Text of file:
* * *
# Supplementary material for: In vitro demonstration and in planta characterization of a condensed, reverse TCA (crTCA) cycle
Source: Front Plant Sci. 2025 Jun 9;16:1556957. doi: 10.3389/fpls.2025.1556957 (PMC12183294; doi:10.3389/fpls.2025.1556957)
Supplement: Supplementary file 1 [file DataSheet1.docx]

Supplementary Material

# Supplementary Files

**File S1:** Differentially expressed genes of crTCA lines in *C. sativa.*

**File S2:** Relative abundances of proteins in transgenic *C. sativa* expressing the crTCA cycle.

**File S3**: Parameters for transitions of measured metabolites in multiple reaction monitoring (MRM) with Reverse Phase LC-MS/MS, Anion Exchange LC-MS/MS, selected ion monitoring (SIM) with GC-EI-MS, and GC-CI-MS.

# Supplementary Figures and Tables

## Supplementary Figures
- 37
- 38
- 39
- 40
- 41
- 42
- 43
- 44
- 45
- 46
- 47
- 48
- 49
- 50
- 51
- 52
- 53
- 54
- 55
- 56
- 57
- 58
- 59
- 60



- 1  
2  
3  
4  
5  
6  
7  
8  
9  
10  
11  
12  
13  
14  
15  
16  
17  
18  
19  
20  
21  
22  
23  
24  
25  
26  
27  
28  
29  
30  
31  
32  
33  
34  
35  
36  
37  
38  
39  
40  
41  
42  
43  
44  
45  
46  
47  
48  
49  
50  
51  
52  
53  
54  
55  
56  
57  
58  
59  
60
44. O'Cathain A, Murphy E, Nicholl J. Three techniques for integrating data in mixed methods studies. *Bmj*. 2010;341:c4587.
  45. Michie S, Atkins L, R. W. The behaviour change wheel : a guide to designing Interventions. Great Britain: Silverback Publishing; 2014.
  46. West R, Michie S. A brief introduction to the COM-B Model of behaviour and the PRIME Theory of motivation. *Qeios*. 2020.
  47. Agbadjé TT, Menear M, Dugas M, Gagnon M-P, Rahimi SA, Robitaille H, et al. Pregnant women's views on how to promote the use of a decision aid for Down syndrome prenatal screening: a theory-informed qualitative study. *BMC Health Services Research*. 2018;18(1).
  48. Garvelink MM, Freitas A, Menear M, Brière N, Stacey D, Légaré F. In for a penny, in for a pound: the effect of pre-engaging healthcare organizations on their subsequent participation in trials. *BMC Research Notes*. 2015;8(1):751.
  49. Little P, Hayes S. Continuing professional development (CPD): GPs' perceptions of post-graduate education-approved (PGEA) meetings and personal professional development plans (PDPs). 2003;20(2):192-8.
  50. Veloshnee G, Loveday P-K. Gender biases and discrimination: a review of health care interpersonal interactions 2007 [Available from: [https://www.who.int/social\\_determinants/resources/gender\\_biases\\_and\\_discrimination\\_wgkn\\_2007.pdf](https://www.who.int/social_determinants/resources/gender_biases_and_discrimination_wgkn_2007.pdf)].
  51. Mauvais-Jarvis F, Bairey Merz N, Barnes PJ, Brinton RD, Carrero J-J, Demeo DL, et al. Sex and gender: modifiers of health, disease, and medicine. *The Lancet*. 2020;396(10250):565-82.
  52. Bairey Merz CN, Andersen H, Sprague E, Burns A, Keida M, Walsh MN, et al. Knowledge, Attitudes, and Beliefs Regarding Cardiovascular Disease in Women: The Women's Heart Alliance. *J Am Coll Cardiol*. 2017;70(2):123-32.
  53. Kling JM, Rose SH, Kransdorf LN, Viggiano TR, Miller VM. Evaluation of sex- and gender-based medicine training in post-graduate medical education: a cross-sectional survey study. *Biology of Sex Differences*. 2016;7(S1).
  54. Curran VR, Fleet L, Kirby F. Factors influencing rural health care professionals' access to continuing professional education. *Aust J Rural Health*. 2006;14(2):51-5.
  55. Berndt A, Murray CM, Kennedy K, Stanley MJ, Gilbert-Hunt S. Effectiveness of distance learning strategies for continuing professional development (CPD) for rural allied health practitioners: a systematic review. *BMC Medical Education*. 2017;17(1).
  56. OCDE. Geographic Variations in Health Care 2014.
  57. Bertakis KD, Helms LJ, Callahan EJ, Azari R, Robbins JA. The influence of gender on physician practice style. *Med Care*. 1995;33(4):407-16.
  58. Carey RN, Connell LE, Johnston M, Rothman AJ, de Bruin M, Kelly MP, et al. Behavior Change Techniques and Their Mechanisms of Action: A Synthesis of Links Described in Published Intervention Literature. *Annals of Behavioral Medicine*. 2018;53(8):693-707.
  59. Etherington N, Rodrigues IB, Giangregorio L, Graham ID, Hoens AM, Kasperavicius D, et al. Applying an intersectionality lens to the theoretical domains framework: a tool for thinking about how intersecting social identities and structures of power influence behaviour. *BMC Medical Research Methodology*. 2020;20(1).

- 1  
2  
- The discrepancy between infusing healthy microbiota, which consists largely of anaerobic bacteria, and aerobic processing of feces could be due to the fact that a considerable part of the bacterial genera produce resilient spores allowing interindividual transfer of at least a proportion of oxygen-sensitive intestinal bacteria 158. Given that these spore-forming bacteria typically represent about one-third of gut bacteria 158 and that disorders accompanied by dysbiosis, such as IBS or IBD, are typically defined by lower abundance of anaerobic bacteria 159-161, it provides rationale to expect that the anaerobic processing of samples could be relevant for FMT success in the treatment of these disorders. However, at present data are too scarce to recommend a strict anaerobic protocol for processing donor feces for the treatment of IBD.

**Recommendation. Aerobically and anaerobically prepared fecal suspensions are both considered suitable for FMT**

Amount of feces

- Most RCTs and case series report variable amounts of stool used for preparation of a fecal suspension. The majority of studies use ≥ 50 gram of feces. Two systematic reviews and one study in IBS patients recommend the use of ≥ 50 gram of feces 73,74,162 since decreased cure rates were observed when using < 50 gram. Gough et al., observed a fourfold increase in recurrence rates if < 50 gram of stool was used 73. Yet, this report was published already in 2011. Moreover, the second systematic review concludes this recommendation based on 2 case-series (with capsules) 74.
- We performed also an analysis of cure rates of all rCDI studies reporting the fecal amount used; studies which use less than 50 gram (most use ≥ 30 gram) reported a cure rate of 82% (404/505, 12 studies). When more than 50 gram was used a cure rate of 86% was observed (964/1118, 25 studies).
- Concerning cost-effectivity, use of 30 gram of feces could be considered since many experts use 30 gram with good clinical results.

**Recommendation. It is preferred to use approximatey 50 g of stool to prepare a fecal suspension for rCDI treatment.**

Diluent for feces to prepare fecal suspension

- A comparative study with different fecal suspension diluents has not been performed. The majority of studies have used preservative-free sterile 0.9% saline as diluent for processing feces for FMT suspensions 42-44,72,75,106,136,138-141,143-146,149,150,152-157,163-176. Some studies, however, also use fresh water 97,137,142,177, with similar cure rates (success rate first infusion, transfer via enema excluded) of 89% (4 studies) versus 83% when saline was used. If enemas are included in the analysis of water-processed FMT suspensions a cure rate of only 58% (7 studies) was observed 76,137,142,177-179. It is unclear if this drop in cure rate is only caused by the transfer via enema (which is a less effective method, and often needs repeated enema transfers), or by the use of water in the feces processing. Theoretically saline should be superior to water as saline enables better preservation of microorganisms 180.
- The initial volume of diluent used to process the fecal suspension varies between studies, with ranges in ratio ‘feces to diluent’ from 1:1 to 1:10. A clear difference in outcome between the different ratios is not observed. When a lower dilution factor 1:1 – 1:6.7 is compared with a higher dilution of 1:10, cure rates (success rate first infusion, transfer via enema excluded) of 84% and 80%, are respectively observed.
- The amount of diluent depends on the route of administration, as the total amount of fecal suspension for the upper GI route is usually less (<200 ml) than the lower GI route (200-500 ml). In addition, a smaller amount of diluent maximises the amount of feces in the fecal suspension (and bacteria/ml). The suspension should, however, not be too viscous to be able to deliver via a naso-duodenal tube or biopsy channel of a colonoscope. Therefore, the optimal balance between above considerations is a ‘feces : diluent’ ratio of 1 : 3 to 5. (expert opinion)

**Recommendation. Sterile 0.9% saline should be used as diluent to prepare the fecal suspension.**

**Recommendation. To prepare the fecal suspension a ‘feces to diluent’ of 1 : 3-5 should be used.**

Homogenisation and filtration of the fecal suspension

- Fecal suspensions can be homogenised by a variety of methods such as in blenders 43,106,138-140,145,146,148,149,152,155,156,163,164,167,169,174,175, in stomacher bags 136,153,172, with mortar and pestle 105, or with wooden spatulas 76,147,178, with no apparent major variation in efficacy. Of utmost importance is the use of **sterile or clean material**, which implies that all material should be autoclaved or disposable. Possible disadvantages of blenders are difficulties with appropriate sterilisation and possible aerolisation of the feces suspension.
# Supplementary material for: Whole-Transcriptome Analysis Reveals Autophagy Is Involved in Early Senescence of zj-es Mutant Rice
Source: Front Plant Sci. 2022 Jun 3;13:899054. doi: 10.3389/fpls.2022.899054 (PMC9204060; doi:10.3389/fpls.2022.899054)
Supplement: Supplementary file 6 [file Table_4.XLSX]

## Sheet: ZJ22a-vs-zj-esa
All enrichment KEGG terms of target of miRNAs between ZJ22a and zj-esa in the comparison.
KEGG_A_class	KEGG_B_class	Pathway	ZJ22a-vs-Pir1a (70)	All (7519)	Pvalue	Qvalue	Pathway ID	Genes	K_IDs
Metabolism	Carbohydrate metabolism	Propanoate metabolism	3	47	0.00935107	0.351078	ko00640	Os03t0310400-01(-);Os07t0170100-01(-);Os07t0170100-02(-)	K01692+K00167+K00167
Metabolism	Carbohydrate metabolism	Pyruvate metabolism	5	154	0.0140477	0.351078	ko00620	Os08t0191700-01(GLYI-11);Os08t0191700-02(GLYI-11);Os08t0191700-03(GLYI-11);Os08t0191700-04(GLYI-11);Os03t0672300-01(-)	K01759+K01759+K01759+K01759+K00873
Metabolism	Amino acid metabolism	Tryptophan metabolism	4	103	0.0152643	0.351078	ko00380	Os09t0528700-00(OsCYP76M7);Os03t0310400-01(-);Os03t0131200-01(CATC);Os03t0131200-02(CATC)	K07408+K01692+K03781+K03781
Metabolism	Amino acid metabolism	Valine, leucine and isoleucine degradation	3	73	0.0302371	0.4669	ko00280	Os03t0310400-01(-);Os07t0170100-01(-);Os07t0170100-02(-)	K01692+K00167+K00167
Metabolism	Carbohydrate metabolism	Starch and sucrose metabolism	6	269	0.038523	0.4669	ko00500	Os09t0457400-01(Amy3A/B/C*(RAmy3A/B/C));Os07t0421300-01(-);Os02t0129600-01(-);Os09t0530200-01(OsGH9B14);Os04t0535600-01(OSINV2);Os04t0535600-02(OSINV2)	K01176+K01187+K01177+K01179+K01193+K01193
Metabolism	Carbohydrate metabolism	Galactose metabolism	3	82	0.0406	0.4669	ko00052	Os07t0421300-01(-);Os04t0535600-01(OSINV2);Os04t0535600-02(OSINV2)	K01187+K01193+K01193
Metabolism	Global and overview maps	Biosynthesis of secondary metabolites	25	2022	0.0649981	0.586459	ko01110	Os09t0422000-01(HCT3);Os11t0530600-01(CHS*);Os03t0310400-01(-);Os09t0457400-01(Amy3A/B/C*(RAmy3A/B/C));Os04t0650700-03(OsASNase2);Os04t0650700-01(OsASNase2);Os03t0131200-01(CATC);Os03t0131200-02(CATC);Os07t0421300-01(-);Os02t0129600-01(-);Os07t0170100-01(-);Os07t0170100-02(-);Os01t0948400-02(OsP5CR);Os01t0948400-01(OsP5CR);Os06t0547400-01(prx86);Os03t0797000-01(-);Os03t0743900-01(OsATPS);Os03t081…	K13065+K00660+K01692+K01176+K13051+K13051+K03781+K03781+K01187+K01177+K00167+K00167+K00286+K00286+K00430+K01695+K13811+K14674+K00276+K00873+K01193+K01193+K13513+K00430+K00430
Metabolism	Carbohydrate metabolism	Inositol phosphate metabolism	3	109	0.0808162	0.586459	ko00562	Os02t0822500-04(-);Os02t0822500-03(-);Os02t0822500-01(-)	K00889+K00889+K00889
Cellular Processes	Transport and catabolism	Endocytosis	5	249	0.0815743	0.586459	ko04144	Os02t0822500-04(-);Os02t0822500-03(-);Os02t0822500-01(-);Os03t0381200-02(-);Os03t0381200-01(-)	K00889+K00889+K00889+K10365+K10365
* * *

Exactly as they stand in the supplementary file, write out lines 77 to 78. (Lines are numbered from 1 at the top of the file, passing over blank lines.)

43  
44  